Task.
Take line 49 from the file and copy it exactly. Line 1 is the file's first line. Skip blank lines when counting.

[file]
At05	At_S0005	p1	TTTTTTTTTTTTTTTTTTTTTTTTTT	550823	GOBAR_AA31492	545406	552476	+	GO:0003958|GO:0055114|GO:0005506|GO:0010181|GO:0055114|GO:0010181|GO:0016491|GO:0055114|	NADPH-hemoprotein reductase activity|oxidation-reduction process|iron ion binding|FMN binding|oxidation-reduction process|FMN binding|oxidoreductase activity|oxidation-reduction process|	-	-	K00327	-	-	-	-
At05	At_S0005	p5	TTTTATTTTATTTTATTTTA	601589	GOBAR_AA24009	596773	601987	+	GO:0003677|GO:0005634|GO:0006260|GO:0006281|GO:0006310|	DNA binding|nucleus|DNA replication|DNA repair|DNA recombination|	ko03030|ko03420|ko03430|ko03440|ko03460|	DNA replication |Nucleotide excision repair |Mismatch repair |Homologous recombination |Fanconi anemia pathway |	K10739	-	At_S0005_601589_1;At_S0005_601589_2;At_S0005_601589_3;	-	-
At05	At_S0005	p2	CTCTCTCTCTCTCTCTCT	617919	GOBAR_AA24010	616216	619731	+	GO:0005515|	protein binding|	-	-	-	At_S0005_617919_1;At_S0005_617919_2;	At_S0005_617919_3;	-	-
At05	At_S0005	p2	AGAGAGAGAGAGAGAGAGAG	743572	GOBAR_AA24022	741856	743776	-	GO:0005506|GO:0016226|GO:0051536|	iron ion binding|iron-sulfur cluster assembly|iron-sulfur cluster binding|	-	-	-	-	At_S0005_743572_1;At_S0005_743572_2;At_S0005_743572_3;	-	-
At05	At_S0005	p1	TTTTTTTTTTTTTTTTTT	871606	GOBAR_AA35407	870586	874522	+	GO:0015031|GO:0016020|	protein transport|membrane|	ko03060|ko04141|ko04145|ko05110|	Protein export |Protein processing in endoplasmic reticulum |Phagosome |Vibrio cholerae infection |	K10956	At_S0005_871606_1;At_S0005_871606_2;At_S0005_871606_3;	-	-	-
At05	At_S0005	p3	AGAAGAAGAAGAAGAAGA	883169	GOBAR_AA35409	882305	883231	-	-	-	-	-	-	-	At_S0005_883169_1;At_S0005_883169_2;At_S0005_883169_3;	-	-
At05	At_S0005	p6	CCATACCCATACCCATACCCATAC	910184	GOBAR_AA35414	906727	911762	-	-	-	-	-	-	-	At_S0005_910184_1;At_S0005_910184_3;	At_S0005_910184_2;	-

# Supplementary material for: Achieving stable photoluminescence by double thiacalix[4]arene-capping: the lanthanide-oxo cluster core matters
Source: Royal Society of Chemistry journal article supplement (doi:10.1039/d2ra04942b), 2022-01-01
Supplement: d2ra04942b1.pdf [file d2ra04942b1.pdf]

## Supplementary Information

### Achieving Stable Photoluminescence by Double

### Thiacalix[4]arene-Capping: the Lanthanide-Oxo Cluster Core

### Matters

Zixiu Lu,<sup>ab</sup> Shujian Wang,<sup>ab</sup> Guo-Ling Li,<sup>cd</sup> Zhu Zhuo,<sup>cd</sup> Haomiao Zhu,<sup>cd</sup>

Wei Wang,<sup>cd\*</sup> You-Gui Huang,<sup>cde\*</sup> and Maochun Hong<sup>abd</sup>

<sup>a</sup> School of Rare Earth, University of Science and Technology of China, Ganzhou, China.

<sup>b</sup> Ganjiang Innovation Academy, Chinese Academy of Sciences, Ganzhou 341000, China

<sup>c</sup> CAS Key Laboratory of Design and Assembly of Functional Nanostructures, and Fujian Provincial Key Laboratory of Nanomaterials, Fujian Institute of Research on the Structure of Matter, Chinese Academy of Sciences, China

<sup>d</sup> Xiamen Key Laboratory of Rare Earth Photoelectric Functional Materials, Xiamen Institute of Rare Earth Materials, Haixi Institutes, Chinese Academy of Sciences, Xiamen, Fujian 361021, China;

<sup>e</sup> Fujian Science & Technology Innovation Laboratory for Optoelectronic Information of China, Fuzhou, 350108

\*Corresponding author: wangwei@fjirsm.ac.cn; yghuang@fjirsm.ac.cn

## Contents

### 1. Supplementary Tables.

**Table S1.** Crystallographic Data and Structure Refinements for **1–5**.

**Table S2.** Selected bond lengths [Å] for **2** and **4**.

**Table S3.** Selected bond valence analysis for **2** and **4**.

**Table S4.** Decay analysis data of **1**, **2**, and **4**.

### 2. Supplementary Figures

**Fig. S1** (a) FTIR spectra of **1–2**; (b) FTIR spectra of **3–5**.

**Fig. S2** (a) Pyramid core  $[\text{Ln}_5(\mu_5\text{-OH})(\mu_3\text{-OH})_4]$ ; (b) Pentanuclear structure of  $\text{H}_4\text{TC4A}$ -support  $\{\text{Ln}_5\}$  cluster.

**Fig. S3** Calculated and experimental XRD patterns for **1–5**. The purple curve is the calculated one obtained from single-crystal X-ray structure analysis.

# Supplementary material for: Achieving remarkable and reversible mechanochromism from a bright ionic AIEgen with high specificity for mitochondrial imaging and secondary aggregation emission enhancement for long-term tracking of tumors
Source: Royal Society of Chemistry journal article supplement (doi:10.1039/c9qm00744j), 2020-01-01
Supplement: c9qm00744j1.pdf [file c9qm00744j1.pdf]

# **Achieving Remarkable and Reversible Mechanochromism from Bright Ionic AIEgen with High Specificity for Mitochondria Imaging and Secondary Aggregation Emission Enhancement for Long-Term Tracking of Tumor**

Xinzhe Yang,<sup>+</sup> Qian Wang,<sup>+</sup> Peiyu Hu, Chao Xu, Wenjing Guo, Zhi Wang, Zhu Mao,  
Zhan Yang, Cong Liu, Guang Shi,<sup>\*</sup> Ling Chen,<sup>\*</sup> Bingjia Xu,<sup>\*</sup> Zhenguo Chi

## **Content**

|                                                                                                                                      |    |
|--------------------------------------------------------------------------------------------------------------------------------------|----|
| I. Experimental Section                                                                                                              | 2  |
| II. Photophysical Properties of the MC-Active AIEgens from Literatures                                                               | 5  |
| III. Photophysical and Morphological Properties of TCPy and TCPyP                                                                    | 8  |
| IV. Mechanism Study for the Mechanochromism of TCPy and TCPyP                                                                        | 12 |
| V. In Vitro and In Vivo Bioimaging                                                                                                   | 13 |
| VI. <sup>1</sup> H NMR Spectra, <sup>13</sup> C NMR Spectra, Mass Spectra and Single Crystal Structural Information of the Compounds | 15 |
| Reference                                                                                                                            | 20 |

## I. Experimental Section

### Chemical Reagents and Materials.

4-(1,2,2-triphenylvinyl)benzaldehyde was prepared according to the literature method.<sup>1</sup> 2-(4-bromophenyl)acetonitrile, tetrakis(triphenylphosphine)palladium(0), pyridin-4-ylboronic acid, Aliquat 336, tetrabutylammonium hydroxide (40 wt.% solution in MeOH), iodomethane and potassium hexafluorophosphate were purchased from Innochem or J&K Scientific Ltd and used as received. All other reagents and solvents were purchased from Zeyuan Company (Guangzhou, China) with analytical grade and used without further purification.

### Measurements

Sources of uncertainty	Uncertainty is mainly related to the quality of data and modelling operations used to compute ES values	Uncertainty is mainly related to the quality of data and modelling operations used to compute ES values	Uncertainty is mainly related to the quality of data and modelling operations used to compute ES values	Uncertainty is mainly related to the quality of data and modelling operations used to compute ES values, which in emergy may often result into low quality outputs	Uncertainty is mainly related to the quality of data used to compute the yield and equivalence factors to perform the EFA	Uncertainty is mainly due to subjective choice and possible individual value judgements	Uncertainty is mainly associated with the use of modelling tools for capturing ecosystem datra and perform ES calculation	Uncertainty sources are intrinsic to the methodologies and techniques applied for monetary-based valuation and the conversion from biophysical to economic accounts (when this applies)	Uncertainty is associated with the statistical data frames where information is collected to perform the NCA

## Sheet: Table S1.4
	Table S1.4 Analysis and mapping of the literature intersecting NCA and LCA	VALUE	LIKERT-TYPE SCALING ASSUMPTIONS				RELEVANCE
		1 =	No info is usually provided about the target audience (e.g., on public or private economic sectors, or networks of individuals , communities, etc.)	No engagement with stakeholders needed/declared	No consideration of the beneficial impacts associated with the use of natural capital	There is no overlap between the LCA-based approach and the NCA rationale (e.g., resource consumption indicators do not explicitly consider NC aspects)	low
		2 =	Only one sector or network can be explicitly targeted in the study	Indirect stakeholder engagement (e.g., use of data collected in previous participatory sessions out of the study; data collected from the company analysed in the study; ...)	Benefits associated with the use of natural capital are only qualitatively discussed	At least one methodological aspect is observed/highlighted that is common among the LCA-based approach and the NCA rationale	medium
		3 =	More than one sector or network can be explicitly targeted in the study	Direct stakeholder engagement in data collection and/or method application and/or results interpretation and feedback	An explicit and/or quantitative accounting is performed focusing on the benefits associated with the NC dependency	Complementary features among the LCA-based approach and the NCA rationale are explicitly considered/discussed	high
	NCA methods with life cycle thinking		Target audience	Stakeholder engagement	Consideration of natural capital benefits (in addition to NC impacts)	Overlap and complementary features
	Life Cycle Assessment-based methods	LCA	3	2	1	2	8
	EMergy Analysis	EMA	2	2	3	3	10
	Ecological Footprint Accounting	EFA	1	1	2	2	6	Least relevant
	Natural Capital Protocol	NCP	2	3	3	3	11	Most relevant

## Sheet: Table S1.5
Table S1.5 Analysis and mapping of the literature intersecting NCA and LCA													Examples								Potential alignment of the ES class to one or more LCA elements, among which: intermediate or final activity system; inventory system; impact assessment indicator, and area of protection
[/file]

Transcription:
## I. Experimental Section